The Republican National Committee (RNC) said it has also ramped up its video monitoring efforts, with a focus on Clinton, adding staff and using newer technology.
Eight people on the RNC staff are devoted to monitoring news coverage, and the party said it was building a searchable digital library of Clinton speeches, interviews and other events going back to 1991, the year before her husband Bill Clinton won the presidential election.
Attacks on Trump by Republican rivals and Super PACs, independent political action committees that may raise unlimited sums of money, have failed to stop his campaign’s momentum.
But the DNC said it believes its strategy will be effective. For one, the Democrats believe the Republican establishment’s efforts to block Trump’s nomination have been slow and disorganized – and hampered by a fear of tearing the party apart. The Democratic Party is also betting the general electorate will be more easily persuaded to counter Trump than registered Republicans have been.
Clinton has a nearly 10-point lead over Trump in a hypothetical general election match up, according to an average of polls gathered by Real Clear Politics.
Reality TV tips
The effort to hobble the former reality TV star takes a page out of reality television itself, where producers comb through thousands of hours of candid video, index it into an easily searchable library, and then paste together coherent narratives.
The project helps address recommendations from the Democratic Victory Task Force, commissioned by DNC Chair Debbie Wasserman Schultz, which in February 2015 suggested the party prepare for the 2016 election and promote the party’s messaging.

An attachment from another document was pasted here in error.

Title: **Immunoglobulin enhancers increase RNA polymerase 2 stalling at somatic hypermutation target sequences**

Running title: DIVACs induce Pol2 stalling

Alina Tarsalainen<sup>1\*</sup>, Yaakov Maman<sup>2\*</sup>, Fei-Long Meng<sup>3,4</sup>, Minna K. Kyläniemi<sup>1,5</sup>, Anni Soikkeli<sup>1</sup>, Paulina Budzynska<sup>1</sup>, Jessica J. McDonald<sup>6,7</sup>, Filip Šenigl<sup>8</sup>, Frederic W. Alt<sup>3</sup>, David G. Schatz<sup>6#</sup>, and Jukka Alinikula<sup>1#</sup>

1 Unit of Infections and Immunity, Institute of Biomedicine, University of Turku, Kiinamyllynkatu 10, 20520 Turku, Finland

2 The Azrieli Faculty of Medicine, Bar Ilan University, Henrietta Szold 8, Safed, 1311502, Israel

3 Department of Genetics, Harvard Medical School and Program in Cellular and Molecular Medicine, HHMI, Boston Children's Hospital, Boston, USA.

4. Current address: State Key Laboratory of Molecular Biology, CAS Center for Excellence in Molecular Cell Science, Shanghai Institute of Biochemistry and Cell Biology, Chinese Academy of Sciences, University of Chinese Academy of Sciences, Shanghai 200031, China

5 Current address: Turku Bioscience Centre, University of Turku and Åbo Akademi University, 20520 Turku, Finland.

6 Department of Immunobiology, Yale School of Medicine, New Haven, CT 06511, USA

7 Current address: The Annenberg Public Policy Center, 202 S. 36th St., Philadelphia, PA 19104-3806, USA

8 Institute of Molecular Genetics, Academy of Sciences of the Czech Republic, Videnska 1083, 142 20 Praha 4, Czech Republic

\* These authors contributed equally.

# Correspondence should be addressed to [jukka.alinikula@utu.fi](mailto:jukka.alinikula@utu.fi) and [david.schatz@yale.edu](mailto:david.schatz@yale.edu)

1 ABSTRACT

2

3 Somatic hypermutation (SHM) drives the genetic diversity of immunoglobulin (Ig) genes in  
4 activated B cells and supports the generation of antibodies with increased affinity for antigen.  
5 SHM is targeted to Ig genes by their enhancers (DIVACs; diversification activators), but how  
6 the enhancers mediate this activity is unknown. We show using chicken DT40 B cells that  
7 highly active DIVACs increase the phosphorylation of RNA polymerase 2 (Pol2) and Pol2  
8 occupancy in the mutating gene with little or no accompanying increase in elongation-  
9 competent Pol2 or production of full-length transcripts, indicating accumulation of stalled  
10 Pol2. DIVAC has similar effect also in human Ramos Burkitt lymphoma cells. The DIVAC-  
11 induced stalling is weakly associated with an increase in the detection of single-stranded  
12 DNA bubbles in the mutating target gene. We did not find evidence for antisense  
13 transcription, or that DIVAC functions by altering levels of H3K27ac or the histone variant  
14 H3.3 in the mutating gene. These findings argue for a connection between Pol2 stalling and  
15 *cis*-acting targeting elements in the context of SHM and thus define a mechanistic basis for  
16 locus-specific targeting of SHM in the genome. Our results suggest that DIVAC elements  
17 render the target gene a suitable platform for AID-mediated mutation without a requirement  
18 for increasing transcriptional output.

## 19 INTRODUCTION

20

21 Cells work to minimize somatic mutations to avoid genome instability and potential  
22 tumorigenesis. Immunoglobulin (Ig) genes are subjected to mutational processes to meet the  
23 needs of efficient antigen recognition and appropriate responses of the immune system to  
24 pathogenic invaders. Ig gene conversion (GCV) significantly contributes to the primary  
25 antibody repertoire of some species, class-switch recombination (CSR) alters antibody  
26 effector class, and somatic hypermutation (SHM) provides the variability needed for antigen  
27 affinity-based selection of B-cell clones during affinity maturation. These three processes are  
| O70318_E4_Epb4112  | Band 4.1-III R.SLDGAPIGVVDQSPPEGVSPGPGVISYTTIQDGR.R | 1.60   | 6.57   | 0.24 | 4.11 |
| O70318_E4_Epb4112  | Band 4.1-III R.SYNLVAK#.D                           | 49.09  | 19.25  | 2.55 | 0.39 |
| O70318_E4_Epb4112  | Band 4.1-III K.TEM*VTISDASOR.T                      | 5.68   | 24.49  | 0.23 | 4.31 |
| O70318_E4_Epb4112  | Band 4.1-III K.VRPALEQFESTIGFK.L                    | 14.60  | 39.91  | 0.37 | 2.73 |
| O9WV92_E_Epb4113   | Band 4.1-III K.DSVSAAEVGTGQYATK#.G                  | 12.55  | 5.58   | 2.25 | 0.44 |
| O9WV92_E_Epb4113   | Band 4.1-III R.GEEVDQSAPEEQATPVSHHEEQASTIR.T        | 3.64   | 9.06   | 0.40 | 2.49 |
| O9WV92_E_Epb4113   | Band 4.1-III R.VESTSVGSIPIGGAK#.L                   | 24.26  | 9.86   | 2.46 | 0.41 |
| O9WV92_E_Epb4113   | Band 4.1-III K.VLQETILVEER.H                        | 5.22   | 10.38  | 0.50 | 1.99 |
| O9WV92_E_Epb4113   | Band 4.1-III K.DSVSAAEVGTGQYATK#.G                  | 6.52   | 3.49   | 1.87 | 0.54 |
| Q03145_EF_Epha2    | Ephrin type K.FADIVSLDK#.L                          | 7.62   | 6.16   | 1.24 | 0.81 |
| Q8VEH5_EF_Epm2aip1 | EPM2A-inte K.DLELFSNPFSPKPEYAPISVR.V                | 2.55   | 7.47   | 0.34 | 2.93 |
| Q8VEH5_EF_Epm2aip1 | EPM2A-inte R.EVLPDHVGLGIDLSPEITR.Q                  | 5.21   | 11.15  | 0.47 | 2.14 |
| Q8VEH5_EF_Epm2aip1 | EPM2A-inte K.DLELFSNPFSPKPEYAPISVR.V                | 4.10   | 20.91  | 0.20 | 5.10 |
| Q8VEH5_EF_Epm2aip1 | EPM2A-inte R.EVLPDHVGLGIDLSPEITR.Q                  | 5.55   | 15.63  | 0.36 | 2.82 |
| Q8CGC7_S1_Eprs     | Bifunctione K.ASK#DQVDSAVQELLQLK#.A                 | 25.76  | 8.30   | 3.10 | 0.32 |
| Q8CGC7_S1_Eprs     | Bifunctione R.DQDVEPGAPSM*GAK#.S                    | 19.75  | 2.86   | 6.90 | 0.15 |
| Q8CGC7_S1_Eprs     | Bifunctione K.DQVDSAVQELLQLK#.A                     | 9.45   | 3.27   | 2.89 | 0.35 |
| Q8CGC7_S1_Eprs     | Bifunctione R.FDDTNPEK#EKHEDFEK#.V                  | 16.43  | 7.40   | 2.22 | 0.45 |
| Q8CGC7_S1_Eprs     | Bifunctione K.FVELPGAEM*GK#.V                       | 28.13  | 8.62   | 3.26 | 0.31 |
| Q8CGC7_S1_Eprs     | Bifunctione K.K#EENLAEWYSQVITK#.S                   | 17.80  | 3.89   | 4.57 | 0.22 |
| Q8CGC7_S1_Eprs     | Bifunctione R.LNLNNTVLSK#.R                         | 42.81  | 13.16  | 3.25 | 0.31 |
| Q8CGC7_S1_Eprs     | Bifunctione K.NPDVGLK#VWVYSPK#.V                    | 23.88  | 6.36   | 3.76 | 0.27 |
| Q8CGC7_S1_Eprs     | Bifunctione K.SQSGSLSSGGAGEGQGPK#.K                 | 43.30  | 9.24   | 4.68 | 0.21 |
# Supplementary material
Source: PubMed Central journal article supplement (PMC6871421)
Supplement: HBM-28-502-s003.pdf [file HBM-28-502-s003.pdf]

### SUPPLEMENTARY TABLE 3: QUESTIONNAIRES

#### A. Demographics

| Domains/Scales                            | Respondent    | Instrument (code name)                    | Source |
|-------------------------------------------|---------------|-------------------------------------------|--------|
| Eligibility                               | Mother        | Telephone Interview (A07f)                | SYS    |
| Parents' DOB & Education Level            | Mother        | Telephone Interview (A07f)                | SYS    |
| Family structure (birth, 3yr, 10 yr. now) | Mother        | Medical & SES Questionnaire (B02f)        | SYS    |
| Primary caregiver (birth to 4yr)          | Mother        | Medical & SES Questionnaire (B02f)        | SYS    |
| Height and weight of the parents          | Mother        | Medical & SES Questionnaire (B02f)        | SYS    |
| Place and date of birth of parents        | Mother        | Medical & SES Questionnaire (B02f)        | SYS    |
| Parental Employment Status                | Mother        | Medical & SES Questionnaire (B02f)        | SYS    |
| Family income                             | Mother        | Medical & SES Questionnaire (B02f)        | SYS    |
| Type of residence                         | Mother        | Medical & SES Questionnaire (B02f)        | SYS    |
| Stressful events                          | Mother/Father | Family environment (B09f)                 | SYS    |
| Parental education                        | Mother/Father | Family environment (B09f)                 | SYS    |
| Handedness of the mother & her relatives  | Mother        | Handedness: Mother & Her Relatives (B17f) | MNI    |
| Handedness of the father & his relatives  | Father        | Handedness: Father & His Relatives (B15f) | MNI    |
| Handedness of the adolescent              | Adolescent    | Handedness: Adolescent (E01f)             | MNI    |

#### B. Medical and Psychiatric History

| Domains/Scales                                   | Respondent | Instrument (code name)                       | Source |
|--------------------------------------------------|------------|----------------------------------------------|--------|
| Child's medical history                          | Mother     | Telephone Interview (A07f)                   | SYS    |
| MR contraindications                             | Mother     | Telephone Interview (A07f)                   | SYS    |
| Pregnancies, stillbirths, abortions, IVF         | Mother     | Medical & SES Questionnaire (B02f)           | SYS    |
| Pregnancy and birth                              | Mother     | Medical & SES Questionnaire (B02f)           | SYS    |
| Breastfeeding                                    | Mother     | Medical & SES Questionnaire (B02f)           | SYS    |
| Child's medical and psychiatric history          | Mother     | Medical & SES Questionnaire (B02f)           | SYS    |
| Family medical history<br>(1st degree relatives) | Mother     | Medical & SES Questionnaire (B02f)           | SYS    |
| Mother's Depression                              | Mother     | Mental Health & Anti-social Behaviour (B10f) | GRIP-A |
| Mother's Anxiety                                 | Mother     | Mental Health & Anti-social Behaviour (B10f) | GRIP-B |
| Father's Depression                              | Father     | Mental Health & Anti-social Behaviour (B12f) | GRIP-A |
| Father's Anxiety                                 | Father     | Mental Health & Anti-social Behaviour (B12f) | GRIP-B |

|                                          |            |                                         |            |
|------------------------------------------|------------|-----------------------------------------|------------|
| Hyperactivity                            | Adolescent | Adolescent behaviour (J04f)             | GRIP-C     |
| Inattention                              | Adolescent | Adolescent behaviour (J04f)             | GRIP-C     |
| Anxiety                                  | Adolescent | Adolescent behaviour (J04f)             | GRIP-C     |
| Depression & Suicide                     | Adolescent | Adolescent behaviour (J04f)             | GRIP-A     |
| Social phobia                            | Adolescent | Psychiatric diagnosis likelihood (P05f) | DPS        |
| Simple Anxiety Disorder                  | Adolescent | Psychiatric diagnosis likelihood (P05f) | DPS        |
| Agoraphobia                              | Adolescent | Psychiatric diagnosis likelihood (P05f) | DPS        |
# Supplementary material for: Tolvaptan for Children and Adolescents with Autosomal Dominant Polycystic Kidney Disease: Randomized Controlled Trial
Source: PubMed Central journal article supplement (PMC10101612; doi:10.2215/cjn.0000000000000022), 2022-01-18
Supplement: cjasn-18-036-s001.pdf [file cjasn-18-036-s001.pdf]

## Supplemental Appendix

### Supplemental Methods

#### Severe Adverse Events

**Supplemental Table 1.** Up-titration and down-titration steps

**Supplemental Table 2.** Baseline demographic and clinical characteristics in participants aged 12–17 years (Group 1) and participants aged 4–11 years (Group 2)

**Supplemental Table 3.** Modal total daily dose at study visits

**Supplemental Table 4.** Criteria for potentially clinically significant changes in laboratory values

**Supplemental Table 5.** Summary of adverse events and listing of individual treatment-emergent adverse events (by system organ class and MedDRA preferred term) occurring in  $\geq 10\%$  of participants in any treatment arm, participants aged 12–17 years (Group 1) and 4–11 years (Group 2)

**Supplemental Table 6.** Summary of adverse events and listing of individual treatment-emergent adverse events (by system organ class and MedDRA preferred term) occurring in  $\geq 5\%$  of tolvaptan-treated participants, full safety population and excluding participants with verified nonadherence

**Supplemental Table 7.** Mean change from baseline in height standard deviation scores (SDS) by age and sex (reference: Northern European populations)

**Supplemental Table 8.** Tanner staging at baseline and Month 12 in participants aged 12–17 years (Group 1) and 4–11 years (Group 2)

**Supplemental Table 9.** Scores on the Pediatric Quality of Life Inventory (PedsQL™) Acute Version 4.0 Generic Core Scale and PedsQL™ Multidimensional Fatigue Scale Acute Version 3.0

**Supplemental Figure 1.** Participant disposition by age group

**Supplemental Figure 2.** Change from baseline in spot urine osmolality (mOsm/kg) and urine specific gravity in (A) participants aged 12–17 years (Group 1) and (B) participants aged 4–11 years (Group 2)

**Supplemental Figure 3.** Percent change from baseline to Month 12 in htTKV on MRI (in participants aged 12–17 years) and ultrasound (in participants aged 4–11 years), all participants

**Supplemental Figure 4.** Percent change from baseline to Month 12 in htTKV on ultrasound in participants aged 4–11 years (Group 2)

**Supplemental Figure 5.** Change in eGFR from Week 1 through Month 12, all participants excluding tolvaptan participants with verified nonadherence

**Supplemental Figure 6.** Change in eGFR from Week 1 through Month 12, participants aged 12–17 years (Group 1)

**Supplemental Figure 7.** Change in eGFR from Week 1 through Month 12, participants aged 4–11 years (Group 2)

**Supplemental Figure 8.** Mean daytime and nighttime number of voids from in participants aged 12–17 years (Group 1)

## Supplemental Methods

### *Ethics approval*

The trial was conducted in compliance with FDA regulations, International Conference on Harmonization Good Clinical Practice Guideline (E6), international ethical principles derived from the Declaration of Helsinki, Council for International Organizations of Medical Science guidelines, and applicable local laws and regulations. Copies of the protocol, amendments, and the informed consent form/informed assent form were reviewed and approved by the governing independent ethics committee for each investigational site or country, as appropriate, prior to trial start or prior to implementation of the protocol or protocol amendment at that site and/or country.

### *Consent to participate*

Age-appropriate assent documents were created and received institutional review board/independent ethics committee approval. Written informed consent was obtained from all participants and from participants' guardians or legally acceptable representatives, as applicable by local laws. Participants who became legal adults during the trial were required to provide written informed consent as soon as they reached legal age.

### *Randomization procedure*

The DNC did similar work during the 2012 presidential election, but on a much smaller scale. Its digital and social media staff went from 5 to 25 people over the past 18 or so months, spokesman Miranda said.
The current team divides its time on video from a wide range of sources – from national news to local channels, clips put up on YouTube by individual users and campaigns, and events webcast by the campaigns themselves.
It also has scouts that record in the field.
The work has yielded a number of attack videos already, many prepared and sent out at a moment’s notice.
On Feb. 28, for example, the party released a video slamming Republican presidential hopefuls for their opposition to action on climate change, featuring them denying man-made global warming alongside images of U.S. flooding, wildfires, droughts and heat waves.
Earlier in March, after Trump cruised to victory in several state nominating contests, the DNC put out another 40-second video, mixing news clips talking about how Trump is dominating his party.
“These videos are getting tens of thousands or hundreds of thousands of views across our various platforms,” Miranda said. “He’s not going to get off as easy with us as with the rest of the Republican field. We know what he’s said, we know where he’s flip-flopped, where he’s made mistakes.”
(Reporting by Luciana Lopez; Editing by Richard Valdmanis and Grant McCool)